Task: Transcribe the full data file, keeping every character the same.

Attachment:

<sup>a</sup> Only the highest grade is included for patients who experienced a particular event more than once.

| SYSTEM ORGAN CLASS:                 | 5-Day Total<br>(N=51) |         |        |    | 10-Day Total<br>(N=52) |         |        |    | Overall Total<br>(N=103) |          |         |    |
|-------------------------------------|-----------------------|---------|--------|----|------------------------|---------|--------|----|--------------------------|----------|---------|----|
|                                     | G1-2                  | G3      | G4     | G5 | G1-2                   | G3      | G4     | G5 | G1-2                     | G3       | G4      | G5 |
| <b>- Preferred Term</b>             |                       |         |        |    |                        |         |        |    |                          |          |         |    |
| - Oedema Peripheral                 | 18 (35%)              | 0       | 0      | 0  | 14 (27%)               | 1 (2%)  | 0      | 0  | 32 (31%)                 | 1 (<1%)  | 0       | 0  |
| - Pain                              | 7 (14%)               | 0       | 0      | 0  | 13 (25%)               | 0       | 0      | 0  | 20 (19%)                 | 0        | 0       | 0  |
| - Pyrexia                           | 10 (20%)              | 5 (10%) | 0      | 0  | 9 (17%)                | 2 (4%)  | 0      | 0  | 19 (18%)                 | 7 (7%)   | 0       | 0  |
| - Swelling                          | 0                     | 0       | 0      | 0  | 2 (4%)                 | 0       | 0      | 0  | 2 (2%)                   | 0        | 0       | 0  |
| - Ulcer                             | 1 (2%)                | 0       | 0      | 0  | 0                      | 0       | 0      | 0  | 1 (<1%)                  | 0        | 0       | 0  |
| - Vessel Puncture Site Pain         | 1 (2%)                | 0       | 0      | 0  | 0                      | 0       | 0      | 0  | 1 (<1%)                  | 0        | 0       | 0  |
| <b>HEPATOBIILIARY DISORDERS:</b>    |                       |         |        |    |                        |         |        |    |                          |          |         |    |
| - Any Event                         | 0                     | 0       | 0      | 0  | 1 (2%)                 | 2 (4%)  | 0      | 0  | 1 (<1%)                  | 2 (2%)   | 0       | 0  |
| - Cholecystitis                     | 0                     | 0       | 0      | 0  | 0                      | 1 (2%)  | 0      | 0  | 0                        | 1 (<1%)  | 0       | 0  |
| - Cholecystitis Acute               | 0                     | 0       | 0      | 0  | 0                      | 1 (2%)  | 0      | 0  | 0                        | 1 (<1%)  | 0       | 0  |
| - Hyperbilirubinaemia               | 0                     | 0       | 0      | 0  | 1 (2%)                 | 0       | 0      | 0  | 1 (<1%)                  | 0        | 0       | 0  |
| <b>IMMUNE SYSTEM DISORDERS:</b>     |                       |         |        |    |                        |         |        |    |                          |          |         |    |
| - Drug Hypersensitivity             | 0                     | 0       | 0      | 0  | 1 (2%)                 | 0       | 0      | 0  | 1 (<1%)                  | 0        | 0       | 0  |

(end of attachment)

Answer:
<sup>a</sup> Only the highest grade is included for patients who experienced a particular event more than once.

| SYSTEM ORGAN CLASS:                 | 5-Day Total<br>(N=51) |         |        |    | 10-Day Total<br>(N=52) |         |        |    | Overall Total<br>(N=103) |          |         |    |
|-------------------------------------|-----------------------|---------|--------|----|------------------------|---------|--------|----|--------------------------|----------|---------|----|
|                                     | G1-2                  | G3      | G4     | G5 | G1-2                   | G3      | G4     | G5 | G1-2                     | G3       | G4      | G5 |
| <b>- Preferred Term</b>             |                       |         |        |    |                        |         |        |    |                          |          |         |    |
| - Oedema Peripheral                 | 18 (35%)              | 0       | 0      | 0  | 14 (27%)               | 1 (2%)  | 0      | 0  | 32 (31%)                 | 1 (<1%)  | 0       | 0  |
| - Pain                              | 7 (14%)               | 0       | 0      | 0  | 13 (25%)               | 0       | 0      | 0  | 20 (19%)                 | 0        | 0       | 0  |
| - Pyrexia                           | 10 (20%)              | 5 (10%) | 0      | 0  | 9 (17%)                | 2 (4%)  | 0      | 0  | 19 (18%)                 | 7 (7%)   | 0       | 0  |
| - Swelling                          | 0                     | 0       | 0      | 0  | 2 (4%)                 | 0       | 0      | 0  | 2 (2%)                   | 0        | 0       | 0  |
| - Ulcer                             | 1 (2%)                | 0       | 0      | 0  | 0                      | 0       | 0      | 0  | 1 (<1%)                  | 0        | 0       | 0  |
| - Vessel Puncture Site Pain         | 1 (2%)                | 0       | 0      | 0  | 0                      | 0       | 0      | 0  | 1 (<1%)                  | 0        | 0       | 0  |
| <b>HEPATOBIILIARY DISORDERS:</b>    |                       |         |        |    |                        |         |        |    |                          |          |         |    |
| - Any Event                         | 0                     | 0       | 0      | 0  | 1 (2%)                 | 2 (4%)  | 0      | 0  | 1 (<1%)                  | 2 (2%)   | 0       | 0  |
| - Cholecystitis                     | 0                     | 0       | 0      | 0  | 0                      | 1 (2%)  | 0      | 0  | 0                        | 1 (<1%)  | 0       | 0  |
| - Cholecystitis Acute               | 0                     | 0       | 0      | 0  | 0                      | 1 (2%)  | 0      | 0  | 0                        | 1 (<1%)  | 0       | 0  |
| - Hyperbilirubinaemia               | 0                     | 0       | 0      | 0  | 1 (2%)                 | 0       | 0      | 0  | 1 (<1%)                  | 0        | 0       | 0  |
| <b>IMMUNE SYSTEM DISORDERS:</b>     |                       |         |        |    |                        |         |        |    |                          |          |         |    |
| - Drug Hypersensitivity             | 0                     | 0       | 0      | 0  | 1 (2%)                 | 0       | 0      | 0  | 1 (<1%)                  | 0        | 0       | 0  |